In our archival search to identify the name of the “Jupiter wreck”, the starting point in the Spanish archives was the section Contratación (issues related to trade with the Indies) and specifically: the Libros de Registros for the time period of the mid 17th century. In these bound volumes are the names of many (but not all) of the ships which plied back and forth across the Atlantic during the years of the Carrera de Indias. In most cases, there is a note in the margin beside a ship which wrecked in the course of a journey. As regards the ship at Jupiter Inlet, silver and gold coins and particularly a silver bar marked no. 820 found at the site, indicate a point of departure from Tierra Firme. Hence, the ports of Cartagena and Portobelo were checked most carefully. In this initial stage of research, there is no evidence to suggest this wreck being of a ship returning to Spain from Mexico. Of the ships which meet the profile for the “Jupiter Wreck” based on the document search at the Archivo General de Indias, six are “aviso” ships. By decree of the crown in 1525, avisos were the ships designated to carry official correspondence back and forth between Spain and her over seas colonies. Two courier or aviso ships were despatched each year from Spain to Nueva España (Mexico) and Tierra Firme (north coast of South America). Small ships which generally did not exceed 100 toneladas, these vessels were capable of sailing quickly and efficiently. Aboard, they carried all manner of crown documents to the colonies. On the way back to Spain they carried a variety of papers: correspondence from the colonial treasury accounts, court cases, reports from the Viceroys, court cases, religious correspondence and so on. Another very important part of an aviso’s job was to inform the authorities of the presence of lurking enemy ships ready to attack the treasure laden fleets returning from the Indies. Passengers were not allowed on board officially although there were plenty of exceptions. Of course avisos also carried some cargo: on the way out from Spain, this would include items needed in the colonies such as wine, oil, wax, textiles and funds for garrison payrolls. Iron work or tools were taken as ballast. On the return trip, one can imagine that a certain amount of contraband was loaded on these ships in the form of silver or gold. This was common practice on all ships during the colonial time period. In the time frame of the Jupiter wreck, there were FOUR ships which sailed as avisos and appear to have wrecked on their return trip to Spain from Tierra Firme ports. One of the four was the San Miguel Archangel.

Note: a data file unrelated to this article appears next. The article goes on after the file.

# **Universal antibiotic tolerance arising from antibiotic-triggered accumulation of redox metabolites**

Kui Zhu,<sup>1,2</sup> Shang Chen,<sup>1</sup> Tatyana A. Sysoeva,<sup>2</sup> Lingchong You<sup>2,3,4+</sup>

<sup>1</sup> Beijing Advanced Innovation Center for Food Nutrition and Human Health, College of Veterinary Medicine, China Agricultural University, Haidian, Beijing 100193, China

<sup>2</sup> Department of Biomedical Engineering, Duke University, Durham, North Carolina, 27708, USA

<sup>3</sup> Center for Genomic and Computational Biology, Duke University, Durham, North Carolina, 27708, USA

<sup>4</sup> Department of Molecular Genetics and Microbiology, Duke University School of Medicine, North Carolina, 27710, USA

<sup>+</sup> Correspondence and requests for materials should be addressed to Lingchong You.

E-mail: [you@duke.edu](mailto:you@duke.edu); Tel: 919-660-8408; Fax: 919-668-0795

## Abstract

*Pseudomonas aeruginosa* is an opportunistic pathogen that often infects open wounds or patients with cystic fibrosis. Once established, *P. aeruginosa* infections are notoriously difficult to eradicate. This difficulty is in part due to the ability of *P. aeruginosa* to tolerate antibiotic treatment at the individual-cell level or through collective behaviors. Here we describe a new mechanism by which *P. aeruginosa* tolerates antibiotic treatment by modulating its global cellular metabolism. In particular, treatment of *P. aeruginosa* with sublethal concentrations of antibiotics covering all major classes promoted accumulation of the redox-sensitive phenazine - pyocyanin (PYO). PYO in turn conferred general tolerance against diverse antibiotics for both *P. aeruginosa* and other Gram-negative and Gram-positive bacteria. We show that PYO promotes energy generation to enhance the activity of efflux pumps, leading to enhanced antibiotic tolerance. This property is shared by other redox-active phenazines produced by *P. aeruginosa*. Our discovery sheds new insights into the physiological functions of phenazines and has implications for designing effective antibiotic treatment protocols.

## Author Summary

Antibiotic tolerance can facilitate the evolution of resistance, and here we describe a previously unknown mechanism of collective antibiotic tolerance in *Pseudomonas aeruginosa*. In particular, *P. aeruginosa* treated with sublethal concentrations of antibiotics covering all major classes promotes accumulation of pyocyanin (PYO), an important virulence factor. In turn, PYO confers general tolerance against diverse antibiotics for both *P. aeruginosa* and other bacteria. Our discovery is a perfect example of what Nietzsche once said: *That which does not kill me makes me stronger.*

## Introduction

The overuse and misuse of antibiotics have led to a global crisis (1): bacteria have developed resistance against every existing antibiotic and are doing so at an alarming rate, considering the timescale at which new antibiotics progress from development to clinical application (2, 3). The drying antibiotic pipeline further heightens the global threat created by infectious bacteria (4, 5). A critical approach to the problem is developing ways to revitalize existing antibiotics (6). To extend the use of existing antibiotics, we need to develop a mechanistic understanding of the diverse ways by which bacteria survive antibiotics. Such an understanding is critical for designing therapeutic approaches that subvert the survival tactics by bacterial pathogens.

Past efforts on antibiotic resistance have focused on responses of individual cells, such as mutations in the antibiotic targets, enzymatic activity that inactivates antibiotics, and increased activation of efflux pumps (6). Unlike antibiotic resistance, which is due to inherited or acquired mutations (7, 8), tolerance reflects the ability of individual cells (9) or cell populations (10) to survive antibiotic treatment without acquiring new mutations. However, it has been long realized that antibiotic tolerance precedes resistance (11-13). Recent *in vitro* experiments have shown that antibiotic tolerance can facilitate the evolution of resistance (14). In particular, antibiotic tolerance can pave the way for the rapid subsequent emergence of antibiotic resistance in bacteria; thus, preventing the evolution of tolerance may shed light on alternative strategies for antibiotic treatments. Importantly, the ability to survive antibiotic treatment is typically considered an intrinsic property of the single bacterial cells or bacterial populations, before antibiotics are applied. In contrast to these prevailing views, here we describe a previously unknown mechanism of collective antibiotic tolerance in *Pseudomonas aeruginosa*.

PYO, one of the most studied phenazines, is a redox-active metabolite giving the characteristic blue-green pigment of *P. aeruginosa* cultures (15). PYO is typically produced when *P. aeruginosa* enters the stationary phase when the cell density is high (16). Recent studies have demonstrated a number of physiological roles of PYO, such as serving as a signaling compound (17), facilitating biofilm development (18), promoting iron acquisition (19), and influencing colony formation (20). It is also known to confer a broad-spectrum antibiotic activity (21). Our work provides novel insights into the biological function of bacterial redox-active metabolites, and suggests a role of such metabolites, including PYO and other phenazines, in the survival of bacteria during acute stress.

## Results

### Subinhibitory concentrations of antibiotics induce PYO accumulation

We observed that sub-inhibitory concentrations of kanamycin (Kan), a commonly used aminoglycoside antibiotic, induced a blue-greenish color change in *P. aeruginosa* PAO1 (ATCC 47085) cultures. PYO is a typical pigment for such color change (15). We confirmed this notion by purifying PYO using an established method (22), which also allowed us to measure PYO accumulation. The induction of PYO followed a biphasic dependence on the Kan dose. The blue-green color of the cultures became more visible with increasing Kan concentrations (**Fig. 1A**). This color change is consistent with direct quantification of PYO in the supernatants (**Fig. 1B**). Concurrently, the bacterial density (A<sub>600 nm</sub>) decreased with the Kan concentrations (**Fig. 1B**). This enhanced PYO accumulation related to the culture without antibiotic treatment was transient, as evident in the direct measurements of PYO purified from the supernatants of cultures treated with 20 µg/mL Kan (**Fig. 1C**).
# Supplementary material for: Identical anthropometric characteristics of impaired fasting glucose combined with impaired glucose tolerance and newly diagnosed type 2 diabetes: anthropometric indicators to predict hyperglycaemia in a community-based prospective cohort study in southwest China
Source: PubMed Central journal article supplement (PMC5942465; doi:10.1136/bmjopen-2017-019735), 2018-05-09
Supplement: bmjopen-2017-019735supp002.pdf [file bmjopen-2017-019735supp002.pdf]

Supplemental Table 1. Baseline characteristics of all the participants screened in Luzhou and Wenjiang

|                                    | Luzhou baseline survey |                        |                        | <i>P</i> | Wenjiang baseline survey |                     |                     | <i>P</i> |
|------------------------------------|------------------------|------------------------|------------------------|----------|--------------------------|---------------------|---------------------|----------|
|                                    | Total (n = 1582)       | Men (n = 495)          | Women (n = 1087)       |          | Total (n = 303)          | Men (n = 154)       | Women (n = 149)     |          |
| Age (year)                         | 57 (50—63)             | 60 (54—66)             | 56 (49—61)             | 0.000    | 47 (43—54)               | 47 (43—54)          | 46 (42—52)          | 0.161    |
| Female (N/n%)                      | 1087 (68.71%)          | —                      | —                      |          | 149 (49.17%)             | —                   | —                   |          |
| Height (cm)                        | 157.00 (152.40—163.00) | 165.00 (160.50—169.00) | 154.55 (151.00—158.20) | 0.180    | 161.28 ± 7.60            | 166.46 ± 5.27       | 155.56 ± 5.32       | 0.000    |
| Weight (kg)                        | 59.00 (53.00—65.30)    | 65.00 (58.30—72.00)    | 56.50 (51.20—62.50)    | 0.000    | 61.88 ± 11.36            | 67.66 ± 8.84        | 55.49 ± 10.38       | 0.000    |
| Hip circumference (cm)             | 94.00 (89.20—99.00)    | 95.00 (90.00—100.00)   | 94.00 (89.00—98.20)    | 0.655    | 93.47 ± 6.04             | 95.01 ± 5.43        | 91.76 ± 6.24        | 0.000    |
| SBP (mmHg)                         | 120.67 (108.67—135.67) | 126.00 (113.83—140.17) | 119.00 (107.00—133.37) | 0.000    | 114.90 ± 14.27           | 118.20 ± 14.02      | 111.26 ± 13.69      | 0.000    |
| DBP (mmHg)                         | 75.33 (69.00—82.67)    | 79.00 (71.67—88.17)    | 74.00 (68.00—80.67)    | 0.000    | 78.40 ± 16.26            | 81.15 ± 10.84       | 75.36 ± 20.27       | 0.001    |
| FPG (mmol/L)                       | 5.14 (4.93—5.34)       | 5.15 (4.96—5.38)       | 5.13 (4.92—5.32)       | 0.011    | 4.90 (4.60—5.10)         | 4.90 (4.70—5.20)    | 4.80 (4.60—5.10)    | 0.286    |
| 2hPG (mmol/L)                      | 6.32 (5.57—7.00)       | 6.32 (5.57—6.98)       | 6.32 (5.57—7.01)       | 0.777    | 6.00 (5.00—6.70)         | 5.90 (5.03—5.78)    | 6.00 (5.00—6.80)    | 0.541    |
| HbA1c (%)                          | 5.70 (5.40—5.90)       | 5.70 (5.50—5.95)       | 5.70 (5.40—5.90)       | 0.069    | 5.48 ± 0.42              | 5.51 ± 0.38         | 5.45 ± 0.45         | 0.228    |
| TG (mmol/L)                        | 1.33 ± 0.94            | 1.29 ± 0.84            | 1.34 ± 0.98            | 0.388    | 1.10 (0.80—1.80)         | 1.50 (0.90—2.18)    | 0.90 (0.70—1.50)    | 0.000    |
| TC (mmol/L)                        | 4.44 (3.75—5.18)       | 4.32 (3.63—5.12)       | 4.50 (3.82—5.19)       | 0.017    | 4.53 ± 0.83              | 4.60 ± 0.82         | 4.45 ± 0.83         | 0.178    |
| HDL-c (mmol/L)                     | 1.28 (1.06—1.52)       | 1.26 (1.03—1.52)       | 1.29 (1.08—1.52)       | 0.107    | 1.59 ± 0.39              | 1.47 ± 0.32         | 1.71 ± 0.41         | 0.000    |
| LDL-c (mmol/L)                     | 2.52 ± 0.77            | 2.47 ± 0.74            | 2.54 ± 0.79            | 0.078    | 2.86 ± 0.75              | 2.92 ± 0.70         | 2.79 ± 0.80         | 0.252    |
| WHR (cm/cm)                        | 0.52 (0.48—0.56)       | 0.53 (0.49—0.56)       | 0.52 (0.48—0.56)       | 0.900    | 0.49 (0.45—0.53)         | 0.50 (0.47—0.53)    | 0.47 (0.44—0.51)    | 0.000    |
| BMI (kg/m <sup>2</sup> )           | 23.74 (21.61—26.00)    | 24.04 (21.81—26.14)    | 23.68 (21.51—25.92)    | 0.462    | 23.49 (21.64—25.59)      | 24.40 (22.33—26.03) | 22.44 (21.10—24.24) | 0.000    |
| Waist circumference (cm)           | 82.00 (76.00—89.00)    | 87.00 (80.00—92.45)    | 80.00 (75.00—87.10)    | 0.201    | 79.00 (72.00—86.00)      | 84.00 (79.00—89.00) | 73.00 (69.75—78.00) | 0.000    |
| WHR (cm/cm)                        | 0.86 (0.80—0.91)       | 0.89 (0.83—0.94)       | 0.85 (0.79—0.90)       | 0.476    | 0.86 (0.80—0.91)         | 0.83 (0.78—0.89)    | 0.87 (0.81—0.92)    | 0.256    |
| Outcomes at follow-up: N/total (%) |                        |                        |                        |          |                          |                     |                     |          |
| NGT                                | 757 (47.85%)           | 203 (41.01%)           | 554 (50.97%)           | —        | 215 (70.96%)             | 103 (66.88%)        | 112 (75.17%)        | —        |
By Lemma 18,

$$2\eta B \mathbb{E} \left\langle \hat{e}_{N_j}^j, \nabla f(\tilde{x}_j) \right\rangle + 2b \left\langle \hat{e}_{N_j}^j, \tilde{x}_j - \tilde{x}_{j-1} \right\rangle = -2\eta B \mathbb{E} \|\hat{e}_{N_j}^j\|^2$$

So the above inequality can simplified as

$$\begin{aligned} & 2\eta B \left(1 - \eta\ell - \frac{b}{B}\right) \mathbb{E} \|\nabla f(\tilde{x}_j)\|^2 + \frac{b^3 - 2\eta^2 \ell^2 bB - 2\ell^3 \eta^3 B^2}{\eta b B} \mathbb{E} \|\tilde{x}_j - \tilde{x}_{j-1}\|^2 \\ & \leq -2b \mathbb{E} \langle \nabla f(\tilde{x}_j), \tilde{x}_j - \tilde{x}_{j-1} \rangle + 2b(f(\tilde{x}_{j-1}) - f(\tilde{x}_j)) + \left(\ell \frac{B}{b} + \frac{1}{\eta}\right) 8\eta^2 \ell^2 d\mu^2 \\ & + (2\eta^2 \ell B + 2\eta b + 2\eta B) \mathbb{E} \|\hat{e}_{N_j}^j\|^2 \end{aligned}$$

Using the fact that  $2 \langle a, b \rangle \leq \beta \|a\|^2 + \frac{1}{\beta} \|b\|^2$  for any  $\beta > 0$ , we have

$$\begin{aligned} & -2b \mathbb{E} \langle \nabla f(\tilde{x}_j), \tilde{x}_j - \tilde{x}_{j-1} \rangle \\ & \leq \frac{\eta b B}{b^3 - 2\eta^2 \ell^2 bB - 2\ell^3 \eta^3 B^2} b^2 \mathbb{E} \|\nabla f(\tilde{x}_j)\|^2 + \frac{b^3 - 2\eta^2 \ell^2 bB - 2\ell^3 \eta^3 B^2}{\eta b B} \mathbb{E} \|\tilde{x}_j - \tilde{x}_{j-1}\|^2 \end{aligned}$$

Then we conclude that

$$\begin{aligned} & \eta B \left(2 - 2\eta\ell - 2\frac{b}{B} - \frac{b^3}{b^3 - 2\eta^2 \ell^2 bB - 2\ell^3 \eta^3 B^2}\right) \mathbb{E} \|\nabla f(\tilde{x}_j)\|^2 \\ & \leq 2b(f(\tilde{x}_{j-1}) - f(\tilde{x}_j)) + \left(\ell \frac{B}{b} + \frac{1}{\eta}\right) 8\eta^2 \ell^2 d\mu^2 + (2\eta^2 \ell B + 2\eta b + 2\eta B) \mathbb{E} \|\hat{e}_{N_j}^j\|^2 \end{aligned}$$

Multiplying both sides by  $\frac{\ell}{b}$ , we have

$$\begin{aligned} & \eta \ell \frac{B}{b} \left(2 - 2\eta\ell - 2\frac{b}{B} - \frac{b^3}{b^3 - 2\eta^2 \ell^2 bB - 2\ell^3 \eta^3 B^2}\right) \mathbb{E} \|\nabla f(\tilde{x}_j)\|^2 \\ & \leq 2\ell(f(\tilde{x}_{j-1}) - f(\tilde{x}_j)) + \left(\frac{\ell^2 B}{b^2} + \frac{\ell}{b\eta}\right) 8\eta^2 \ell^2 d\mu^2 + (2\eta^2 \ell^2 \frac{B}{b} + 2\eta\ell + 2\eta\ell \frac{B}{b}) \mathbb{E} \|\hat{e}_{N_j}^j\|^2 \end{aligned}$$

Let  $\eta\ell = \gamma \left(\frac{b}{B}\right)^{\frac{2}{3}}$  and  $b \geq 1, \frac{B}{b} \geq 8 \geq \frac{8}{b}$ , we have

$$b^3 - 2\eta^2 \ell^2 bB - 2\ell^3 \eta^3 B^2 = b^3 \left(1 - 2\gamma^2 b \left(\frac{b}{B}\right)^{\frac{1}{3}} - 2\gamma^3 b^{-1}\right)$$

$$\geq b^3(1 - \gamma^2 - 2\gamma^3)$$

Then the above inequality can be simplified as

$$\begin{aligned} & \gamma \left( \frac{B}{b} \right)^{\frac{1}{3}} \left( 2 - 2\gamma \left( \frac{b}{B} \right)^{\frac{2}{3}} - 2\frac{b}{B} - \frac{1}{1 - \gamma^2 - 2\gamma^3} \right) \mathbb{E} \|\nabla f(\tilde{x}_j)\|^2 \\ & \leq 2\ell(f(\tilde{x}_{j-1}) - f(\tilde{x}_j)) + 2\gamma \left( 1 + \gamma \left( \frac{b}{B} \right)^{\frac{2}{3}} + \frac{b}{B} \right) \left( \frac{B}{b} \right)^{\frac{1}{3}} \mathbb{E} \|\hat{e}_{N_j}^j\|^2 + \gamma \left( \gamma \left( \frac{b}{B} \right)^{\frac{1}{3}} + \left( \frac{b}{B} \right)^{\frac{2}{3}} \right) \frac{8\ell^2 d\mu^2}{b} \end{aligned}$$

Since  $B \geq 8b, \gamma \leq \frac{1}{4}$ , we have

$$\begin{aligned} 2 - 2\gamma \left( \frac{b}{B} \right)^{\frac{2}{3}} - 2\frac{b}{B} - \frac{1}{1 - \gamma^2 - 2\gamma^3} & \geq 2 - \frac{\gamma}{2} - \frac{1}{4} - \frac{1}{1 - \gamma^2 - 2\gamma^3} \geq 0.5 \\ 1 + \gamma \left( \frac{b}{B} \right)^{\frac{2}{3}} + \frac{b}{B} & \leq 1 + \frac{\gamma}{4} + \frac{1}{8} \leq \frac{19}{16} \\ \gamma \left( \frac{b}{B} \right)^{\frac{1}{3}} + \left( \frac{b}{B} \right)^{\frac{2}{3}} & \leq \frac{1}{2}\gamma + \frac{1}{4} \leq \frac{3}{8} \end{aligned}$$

SAN MIGUEL ARCANGEL Dispatched by the Viceroy of Peru, the San Miguel Archangel sailed as primer aviso under Juan Ramirez de Miranda, pilot Diego García and Captain Juan de Ostalaca from Portobelo for Spain on September 18, 1659. Six and half months later, the ship had not arrived in Spain and was feared to have wrecked. It was decided to send duplicates of all the correspondence on the next aviso to Spain in April 1660. On the backside of the letter there is a scribbled note “ The aviso ship under Juan Ramirez de Miranda wrecked on the coast of Florida” Included with this document is another longer report (23 pages) entitled “Testimonio sobre el despacho del navío San Miguel Arcangel que se despachó de aviso a los reinos de España por el Virrey del Perú a cargo de Juan Ramirez de Miranda” This deals with the financing and preparation of the ship to sail to Spain and there is no reference to what happened to it after leaving Portobelo. A list of the boxes of correspondence loaded on the ship is included. Nevertheless, it should be read through carefully in case there is any information on the ship itself. Juan Ramirez appears to have been a notable in Portobelo. In 1661, he was named notary of the city of Portobelo. It is suggested that further research on this man might shed some light on the aviso because he undoubtedly had cargo on board. Source: A.G.I. – Santa Fe 43, ramo 3, n.10. Also: Panamá 58, n.1 Confirmación de oficio: Juan Ramírez de Miranda. 14 enero, 1662